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There has been a great impact on juvenile justice policy decisions in recent years due to increasing public focus on the effects of juvenile crime on society. Historically, the aim of juvenile justice policy makers has been to address juvenile crime through promotion of promotion of policies addressing the rehabilitative needs of the offender. However, over the last 20 years of the 20th century, there has been implementation of more punitive offense-based policies that aim at addressing juvenile crime. This paper will examine the historical justification and implementation of the Native American Policy in the 1800s. The second section shall address the issue of Serious Violent Juveniles (SVJs) and the proposals made about SVJs.


Interest groups and policy makers in the United States have formulated and implemented many policies. The aim of these policies is to provide juveniles and children that are considered disadvantaged various services. These services help in preparing the disadvantaged youth with the skills required to function in the society. Disadvantaged environments were defined by policy makers through different ways for instance tribal reservation environment in the 19th and 20thst century (Hesse, Lawrence, and Hesse, 2009).Juvenile policies are generally moved through the policy process through interest groups and governmental bureaucracies. During the mid 1800s, the reservation living system was abolished with through the effort of interest group Friends of the American Indians.

The system was abolished in order to create government schools to educate the Native American children. The interest groups believed that this approach was a humanitarian way of providing civilization, assimilation and living skills for the Native American children. The initial step was the congress appropriating money for a Civilization Fund Through treaty agreements with the different Native American tribes (Hesse, 2009).In 1887, the congress formally created a compulsory education agenda through the General Allotment Act. The Carlisle Industrial Training boarding school opened in 1879. The school has an n education format that entailed multi-tribal, academic and industrial education programs. This school was opened by Thomas Jefferson Morgan, the then Commissioner of Indian Affairs.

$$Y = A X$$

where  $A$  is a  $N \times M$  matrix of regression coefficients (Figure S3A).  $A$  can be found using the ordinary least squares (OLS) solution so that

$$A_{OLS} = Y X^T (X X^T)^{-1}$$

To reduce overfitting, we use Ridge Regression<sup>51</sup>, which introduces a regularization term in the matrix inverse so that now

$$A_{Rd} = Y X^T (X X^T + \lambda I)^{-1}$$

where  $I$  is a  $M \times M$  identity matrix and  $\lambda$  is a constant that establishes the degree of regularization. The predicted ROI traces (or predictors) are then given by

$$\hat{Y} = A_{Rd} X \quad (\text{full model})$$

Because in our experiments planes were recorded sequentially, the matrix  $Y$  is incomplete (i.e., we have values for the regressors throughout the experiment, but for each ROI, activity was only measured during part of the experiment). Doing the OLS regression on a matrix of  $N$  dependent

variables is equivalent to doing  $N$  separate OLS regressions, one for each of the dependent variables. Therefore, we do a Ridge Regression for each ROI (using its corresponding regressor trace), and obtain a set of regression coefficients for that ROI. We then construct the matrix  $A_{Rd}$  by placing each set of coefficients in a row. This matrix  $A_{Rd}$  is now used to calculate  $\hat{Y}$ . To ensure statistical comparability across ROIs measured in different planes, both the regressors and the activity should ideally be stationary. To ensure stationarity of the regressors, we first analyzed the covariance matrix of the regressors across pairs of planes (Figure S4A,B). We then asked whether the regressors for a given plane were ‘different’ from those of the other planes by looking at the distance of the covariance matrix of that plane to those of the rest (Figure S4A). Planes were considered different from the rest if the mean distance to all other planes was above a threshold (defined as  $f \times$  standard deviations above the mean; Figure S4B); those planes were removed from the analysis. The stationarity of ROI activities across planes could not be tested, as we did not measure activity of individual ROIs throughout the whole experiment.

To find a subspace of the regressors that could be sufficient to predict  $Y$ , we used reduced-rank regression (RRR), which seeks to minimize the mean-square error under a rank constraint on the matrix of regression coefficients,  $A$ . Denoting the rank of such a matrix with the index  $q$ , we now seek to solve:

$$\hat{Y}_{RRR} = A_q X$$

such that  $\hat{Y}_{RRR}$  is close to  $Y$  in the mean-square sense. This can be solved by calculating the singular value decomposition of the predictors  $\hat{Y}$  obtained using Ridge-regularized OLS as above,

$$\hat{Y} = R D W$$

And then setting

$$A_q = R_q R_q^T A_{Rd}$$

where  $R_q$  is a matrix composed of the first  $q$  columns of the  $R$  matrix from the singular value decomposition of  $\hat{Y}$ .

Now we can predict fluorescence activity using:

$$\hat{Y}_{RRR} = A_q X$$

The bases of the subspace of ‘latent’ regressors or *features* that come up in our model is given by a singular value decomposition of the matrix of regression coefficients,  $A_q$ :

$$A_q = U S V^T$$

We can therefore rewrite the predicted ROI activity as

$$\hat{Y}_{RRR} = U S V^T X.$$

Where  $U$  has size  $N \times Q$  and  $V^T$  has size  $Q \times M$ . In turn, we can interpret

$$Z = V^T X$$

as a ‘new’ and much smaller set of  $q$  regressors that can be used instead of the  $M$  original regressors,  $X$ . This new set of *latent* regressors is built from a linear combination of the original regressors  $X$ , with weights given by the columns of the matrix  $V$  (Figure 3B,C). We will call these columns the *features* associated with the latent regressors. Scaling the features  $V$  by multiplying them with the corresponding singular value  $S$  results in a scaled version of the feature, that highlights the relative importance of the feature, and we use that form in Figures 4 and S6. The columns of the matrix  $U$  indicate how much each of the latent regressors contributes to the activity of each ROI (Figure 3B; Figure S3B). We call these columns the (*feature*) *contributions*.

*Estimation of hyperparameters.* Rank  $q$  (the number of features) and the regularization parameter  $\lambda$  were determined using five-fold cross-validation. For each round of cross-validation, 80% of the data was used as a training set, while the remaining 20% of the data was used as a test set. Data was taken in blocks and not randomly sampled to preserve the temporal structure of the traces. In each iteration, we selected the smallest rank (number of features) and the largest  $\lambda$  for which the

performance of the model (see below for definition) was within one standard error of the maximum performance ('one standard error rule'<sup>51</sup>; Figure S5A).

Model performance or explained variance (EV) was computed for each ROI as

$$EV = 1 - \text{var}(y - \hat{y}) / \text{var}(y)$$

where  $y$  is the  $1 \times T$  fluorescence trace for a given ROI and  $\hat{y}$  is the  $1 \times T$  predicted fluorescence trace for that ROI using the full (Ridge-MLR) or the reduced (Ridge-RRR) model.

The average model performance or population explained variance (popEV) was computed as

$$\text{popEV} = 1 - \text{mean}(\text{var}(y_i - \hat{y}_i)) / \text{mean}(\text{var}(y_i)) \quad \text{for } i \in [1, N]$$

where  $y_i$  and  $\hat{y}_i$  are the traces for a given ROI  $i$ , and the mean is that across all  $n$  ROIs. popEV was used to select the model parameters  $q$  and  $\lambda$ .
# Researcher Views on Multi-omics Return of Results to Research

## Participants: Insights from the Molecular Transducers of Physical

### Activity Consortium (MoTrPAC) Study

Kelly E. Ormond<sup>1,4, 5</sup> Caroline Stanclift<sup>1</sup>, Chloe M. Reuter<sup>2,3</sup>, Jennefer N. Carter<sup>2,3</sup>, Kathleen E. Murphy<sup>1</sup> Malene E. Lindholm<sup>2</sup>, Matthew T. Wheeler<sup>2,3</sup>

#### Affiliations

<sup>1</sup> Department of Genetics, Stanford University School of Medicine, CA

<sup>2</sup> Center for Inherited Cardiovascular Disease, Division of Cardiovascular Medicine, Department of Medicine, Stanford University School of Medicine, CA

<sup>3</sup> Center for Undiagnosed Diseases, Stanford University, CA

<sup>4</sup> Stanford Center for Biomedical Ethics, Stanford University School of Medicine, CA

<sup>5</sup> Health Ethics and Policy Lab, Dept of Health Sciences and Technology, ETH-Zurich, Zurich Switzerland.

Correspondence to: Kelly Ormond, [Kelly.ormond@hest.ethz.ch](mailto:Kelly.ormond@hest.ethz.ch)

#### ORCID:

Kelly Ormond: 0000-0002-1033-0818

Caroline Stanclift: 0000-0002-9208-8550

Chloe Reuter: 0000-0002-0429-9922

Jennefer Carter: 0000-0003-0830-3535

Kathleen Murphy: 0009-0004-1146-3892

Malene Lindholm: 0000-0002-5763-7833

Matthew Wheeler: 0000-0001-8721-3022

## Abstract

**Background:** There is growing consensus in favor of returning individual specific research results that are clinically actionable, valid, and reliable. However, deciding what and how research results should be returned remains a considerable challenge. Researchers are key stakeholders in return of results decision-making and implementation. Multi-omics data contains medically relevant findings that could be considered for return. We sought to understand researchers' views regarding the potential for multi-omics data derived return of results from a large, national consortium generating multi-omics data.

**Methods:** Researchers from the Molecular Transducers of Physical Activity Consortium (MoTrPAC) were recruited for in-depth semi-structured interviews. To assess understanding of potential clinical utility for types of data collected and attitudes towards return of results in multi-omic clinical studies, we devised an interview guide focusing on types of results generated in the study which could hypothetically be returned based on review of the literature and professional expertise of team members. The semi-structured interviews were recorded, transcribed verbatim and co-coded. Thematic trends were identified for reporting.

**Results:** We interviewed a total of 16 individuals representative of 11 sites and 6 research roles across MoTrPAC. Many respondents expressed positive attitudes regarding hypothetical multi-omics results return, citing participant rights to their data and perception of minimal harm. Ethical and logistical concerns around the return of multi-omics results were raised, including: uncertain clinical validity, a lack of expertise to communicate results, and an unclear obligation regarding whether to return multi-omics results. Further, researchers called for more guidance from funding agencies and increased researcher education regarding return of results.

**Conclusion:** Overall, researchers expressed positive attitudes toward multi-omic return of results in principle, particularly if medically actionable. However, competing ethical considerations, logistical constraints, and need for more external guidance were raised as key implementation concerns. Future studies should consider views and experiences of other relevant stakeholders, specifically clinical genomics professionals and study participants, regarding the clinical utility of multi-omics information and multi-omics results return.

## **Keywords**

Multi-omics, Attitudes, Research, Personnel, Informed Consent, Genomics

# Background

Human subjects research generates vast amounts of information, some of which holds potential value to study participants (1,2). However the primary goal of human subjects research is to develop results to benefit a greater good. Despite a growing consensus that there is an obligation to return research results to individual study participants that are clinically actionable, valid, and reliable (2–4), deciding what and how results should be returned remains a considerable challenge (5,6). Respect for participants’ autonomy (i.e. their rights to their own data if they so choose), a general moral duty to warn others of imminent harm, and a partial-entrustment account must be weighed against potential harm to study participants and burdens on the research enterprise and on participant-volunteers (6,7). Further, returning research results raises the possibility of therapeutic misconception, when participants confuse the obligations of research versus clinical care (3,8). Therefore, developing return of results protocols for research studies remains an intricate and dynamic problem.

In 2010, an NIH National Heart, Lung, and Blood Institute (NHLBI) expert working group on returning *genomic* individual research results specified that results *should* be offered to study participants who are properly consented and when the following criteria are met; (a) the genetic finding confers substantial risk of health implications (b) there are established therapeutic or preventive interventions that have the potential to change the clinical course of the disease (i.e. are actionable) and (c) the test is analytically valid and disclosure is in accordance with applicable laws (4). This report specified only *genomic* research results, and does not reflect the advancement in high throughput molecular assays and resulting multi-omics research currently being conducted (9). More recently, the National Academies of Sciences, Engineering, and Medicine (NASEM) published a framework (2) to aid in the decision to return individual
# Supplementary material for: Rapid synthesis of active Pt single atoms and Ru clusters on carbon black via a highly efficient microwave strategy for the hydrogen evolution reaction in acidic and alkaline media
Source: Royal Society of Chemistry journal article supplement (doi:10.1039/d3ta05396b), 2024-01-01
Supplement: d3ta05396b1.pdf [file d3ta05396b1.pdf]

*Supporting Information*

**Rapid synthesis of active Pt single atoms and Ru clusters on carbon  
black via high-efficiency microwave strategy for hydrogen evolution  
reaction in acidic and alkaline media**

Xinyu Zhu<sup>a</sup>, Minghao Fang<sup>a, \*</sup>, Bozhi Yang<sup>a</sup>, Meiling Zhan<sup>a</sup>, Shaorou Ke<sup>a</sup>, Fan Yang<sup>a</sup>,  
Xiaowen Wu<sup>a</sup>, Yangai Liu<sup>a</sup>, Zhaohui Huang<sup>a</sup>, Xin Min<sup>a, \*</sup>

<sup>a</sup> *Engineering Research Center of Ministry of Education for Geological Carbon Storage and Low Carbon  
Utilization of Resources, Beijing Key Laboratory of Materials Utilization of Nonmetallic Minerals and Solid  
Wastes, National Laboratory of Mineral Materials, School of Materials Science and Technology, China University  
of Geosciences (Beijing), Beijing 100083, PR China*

The school activities were controlled by the Commissioner through the 1890 rules for Indian schools. Thomas added an extra year of education in the 1892 revision of the school rules. Indian parents who resisted the removal of their children from the reservation were withheld of government supplies and rations under the Indian Appropriations Act of 1891 which also formalized compulsory attendance (Taylor and Fritsch, 2010).Moreover, the government put pressure on the Native American tribal police to force compliance by enforcing the truancy laws and the compulsory school attendance. Hence, the Bureau of Indian Affairs agents entered homes of Native Americans and removed children physically. Over the next 20 years the public gave more attention to poor educational quality, poor living conditions and assimilative teaching methods at schools.

It is also evident that by the 1920s, Hubert Work, the Secretary of the Interior commissioned a study on Indian education. The report from the study suggested closure of some of the off-reservation boarding schools. Therefore, by 1930s, most of the schools abolished the forced assimilation techniques though normal operation of many boarding schools continued. Conclusions made by several assessment programs indicate that the Native American policy ultimately failed and created harmful conditions for students. Consequently, former students have filed several class action lawsuits against the United States (Taylor, 2010).Policy makers over the last two decades have focused on the issue of serious violent juveniles (SVJs).

The policy makers mainly focus on how to treat SVJs who grow up in crime-ridden and disadvantaged neighborhoods. Juveniles who commit serious and violent crimes have most of the times grown up in socio-economically disadvantaged areas in which there is a high crime rate. One of the proposals made by the National Centre for Policy Analysis in 1995 was removal of SVJs and children who are at a greater risk for criminal offences from the disadvantaged and crime-ridden neighborhoods. One of the suggestions was to provide families in the underclass neighborhoods with public funds that could enable them to send their children to boarding schools.  It was believed that this could help reduce the number of children who were at a risk of committing violent crimes (Regoli, Hewitt and DeLisi, 2005).

Boarding schools were believed to provide a safe environment and a sound mechanism for socialization and hence, cultivate traits such as cooperation, politeness, kindness self-control and hard work in these children. Though some institutions successfully treated SVJs, several research studies revealed negative results regarding residential treatment facilities. The studies indicated that time spent in work programs, juvenile detention facilities and group homes were associated with negative adult criminal outcomes. Research also indicated that the most effective method of reducing recidivism was treatment rather that residential care (Regoli, et al, 2005).